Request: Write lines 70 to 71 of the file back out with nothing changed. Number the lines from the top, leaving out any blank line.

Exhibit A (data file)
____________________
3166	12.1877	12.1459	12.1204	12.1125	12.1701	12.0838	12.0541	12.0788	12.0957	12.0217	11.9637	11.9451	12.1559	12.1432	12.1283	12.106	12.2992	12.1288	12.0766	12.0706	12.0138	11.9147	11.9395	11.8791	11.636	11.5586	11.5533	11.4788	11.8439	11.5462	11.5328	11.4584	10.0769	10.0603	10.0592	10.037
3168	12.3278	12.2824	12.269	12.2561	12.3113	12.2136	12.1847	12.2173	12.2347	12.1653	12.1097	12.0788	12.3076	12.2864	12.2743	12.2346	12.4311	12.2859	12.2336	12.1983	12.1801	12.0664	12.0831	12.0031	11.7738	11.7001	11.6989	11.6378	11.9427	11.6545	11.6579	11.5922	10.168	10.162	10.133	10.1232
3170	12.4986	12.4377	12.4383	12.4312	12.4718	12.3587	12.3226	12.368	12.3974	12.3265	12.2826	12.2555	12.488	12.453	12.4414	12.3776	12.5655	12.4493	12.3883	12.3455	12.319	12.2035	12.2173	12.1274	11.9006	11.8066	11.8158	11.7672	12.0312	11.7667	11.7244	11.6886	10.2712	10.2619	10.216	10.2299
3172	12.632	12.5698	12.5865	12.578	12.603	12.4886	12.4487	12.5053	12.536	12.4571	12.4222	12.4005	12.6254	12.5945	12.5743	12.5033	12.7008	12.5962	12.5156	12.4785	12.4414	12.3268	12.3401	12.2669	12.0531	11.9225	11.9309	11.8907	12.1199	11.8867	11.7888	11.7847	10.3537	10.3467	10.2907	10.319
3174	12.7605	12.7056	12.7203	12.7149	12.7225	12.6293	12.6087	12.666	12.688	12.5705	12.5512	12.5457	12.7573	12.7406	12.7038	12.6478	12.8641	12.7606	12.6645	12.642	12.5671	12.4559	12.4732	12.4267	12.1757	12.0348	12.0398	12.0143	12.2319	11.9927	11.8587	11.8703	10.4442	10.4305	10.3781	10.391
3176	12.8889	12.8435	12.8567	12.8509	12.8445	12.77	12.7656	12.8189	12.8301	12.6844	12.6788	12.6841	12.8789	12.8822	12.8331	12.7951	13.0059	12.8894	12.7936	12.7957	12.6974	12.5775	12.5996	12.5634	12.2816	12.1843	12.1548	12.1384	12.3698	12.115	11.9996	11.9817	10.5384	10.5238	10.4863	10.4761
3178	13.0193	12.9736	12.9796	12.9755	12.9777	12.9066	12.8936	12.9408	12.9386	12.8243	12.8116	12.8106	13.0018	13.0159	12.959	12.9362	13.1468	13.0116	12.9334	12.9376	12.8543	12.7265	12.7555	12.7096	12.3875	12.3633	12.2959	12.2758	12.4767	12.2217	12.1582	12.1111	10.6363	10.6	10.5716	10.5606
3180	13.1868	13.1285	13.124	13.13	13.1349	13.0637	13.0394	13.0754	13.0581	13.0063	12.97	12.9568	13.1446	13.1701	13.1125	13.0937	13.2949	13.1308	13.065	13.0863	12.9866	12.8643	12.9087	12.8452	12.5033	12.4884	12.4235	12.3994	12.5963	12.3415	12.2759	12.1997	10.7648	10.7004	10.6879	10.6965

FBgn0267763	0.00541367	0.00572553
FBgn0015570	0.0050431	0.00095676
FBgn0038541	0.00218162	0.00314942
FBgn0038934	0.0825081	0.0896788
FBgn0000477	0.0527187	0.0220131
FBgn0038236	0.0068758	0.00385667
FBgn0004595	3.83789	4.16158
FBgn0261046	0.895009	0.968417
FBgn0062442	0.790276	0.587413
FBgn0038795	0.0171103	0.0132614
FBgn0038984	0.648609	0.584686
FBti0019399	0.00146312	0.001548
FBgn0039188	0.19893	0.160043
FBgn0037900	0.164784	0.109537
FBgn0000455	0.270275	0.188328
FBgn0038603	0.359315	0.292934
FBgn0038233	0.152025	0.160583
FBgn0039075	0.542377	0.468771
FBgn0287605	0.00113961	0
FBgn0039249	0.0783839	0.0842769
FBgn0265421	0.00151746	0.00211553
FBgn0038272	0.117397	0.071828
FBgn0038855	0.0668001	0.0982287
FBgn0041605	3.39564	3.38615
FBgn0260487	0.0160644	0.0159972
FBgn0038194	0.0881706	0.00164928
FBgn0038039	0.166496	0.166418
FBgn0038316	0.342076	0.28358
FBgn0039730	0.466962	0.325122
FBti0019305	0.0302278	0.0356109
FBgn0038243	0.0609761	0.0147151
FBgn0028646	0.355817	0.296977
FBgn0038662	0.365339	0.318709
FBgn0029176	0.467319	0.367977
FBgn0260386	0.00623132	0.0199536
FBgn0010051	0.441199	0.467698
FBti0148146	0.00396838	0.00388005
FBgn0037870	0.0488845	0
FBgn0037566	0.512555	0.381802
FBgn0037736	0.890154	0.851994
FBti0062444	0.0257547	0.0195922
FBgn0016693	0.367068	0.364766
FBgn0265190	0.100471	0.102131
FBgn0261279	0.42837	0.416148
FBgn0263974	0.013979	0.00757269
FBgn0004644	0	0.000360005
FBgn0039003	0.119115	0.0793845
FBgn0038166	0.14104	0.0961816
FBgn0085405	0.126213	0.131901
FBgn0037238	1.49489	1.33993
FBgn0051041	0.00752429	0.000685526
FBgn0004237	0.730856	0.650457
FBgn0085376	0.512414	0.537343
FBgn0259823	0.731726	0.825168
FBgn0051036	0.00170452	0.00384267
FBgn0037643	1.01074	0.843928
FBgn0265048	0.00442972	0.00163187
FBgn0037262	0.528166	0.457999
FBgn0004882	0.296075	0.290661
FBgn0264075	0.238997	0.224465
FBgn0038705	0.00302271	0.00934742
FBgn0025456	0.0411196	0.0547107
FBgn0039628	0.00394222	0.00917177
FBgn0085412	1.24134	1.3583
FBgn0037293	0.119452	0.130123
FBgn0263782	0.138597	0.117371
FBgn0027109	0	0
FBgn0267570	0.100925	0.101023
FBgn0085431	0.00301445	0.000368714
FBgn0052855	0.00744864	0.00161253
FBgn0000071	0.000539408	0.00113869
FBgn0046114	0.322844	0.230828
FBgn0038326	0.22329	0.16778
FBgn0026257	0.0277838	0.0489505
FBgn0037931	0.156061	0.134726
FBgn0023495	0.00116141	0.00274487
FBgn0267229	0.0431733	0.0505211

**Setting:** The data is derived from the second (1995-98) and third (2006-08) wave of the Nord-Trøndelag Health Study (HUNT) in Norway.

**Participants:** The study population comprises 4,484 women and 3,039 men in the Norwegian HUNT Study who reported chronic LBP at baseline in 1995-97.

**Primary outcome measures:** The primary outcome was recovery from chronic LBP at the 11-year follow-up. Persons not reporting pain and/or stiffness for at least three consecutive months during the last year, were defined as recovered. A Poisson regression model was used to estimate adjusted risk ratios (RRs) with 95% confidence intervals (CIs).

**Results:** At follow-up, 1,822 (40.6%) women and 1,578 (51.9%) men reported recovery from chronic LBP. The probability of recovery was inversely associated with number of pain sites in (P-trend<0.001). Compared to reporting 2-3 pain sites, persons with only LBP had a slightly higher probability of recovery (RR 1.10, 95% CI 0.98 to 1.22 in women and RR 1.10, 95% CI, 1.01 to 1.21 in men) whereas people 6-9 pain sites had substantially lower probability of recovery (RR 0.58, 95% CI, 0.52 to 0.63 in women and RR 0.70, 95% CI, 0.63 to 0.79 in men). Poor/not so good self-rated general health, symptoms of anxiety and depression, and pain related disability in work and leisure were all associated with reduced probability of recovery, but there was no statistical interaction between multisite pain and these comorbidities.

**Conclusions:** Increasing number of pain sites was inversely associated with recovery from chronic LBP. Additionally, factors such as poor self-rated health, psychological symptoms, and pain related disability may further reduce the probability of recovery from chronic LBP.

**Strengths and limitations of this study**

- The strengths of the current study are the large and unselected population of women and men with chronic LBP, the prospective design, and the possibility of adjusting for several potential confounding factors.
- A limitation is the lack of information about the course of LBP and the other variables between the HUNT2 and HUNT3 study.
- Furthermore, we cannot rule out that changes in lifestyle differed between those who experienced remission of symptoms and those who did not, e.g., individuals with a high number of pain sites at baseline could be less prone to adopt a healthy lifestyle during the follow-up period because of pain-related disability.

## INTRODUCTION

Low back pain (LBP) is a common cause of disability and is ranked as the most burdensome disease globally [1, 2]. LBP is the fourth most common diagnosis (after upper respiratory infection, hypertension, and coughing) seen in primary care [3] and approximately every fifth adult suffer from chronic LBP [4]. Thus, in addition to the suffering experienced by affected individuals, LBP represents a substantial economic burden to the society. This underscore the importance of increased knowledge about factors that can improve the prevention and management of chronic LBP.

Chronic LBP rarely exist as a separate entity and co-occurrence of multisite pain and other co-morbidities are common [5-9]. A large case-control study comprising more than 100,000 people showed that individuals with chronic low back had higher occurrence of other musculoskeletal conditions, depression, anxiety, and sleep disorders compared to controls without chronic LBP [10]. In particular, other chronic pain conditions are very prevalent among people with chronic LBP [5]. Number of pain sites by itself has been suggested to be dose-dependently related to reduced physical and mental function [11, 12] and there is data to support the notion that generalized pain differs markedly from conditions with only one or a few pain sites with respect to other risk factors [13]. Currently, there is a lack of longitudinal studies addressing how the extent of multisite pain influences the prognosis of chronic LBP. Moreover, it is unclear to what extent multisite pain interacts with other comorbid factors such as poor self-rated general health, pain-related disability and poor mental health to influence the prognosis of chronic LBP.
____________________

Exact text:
FBgn0025456	0.0411196	0.0547107
FBgn0039628	0.00394222	0.00917177